I usually avoid the apron and head toward the tool belt. However, mine is a belt with two bags. One is a carpenter's bag with a place for my speed square. The other is probably closer to an electrician's bag. I carry a 6" combo square, a speed square, an LED flashlight, a utility knife, 6" Channel Lock pliers, a 6" crescent wrench, the remote for my dust collector, and a collection of writing implements, ranging from a fine mechanical pencil to a Sharpie. I can add the other tools that I need for the moment.
When I use a router, I usually put on a real apron, but inside-out. That keeps my pockets and my underwear from filling up with sawdust.
I should use the apron for glue-ups. My clothes would look good a little longer.
I'm partial to wearing some army-issue coveralls I found at a thrift store years ago--especially in the winter in my ice cold shop. My clothes stay relatively clean and there are huge pockets to carry measuring tools, pencils, screwdriver, tape measure, etc. Nothing hangs off of my body to get in the way of my work. I think I may try overalls as suggested by cahudson42 in the summer months. I might add that the coveralls make me look like I mean business even if I don't.
Instead of an apron, get to your nearest Tractor Supply and pick up a pair of Liberty washed denim bib overalls. Best ones out there...
No belts, no suspenders. Nice zippered pocket in front for pencils, small square, cellphone, etc. Big pockets all around if you need them.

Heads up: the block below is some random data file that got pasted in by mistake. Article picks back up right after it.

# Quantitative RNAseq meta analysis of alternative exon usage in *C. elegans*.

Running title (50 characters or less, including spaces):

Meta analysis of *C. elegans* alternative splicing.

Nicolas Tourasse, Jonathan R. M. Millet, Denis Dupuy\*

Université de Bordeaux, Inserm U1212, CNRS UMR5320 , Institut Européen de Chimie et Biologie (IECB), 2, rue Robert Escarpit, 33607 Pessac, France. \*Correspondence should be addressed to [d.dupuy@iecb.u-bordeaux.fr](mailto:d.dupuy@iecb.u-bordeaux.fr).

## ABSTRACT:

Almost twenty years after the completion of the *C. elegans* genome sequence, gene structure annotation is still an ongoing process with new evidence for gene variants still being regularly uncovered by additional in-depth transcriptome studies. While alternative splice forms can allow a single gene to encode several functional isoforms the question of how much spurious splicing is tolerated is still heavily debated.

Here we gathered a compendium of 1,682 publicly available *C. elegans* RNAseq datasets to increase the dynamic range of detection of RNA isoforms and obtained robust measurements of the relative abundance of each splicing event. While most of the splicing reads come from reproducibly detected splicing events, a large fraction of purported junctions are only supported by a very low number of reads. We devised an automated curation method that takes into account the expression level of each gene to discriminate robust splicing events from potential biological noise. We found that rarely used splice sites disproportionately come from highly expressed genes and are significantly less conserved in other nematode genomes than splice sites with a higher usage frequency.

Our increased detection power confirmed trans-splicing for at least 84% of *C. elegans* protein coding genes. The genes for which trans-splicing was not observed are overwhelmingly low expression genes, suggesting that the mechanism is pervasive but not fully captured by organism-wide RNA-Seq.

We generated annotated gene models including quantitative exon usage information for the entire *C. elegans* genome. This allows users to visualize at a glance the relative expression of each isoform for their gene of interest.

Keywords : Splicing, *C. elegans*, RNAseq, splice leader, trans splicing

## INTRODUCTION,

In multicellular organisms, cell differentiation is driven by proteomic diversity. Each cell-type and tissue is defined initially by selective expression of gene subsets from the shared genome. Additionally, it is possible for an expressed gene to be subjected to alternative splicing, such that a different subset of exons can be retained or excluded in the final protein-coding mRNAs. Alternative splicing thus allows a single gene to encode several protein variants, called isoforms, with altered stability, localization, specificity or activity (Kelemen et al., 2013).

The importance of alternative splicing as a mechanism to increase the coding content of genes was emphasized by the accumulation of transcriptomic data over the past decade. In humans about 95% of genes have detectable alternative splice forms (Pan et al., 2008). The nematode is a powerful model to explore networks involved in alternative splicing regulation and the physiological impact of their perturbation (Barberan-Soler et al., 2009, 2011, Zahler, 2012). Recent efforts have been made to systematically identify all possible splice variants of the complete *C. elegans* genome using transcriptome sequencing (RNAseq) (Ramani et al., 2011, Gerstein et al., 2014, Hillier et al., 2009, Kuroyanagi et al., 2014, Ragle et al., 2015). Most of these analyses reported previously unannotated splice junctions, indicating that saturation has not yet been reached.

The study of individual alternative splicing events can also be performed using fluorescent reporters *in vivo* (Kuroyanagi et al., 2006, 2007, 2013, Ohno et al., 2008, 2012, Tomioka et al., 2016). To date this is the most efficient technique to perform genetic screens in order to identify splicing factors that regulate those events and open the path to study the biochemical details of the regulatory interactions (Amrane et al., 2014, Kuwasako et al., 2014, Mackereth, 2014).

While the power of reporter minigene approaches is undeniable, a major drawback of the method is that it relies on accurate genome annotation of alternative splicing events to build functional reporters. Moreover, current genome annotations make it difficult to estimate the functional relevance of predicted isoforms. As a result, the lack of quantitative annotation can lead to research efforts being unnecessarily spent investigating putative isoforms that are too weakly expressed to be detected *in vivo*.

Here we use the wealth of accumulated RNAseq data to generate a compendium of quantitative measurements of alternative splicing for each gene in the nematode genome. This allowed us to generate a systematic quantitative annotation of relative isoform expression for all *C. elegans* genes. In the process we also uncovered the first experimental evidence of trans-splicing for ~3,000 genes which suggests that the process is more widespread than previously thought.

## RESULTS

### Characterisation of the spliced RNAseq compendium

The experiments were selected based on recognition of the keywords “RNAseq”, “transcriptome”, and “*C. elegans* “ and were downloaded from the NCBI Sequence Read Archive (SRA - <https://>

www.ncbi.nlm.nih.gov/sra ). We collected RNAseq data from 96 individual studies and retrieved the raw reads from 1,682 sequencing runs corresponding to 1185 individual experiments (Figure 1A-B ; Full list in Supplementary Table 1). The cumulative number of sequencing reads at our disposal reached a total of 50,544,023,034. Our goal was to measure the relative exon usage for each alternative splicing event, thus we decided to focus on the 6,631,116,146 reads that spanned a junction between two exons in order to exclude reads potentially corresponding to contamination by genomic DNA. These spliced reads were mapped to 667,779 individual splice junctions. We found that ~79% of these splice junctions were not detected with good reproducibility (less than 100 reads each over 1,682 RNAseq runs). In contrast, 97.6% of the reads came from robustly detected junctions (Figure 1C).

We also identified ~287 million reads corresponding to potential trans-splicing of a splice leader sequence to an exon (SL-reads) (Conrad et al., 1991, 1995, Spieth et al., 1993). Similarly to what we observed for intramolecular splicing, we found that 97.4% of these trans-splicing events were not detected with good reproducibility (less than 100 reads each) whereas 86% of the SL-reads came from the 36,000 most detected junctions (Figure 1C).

I always turn mine into Cutoffs as I don't like the baggy legs - except for Winter.. Use the denim for a pullover rubber, tool roll, etc.
An inexpensive tool belt from Home Depot works great for me. It keeps my pencil and layout tools handy. I used to leave them all over the shop. Putting it on is the first thing I do now when I walk in the shop.
I use an apron most of the time in the shop. It helps to keep the sawdust off my clothes, so I can keep it out of the house. I don't like the neckstrap, so when it's time to get another one, I will get one with suspender-like straps. It will also have flaps on the pockets, because the only thing I carry in my apron pockets now is sawdust.
I agree with Asa on the apron neck thing. Thats why I opted for a regular carpenters tool belt. It works great. I store a 6' double square, a speed square, pencil, counter sink bit, screw drivers a knife and most important a tape measure in it. Sometimes I'll add a hammer and mallet. The other good thing is for home improvement projects I can just re-outfit it to that task and I'm good to go. Also Norm did it so it has to be right, although I'm pretty sure he had some brad nails in his.
How a chunk of red oak forced me to rethink the details of a cabinet
Make something fun while learning new skills
Fast, fun approach to making a comfortable, casual seat
In this video Michael finishes the first of the three boxes. Gluing-up, planing, sanding and finishing bring a new piece of art to the world.
In this video Michael starts work on the second box, a carved and painted Saddle lid box.
Michael begins carving the saddle lid box with his ripple pattern along the top. Then turns to his 5/30 gouge to texture the sides of the box. This isn't work…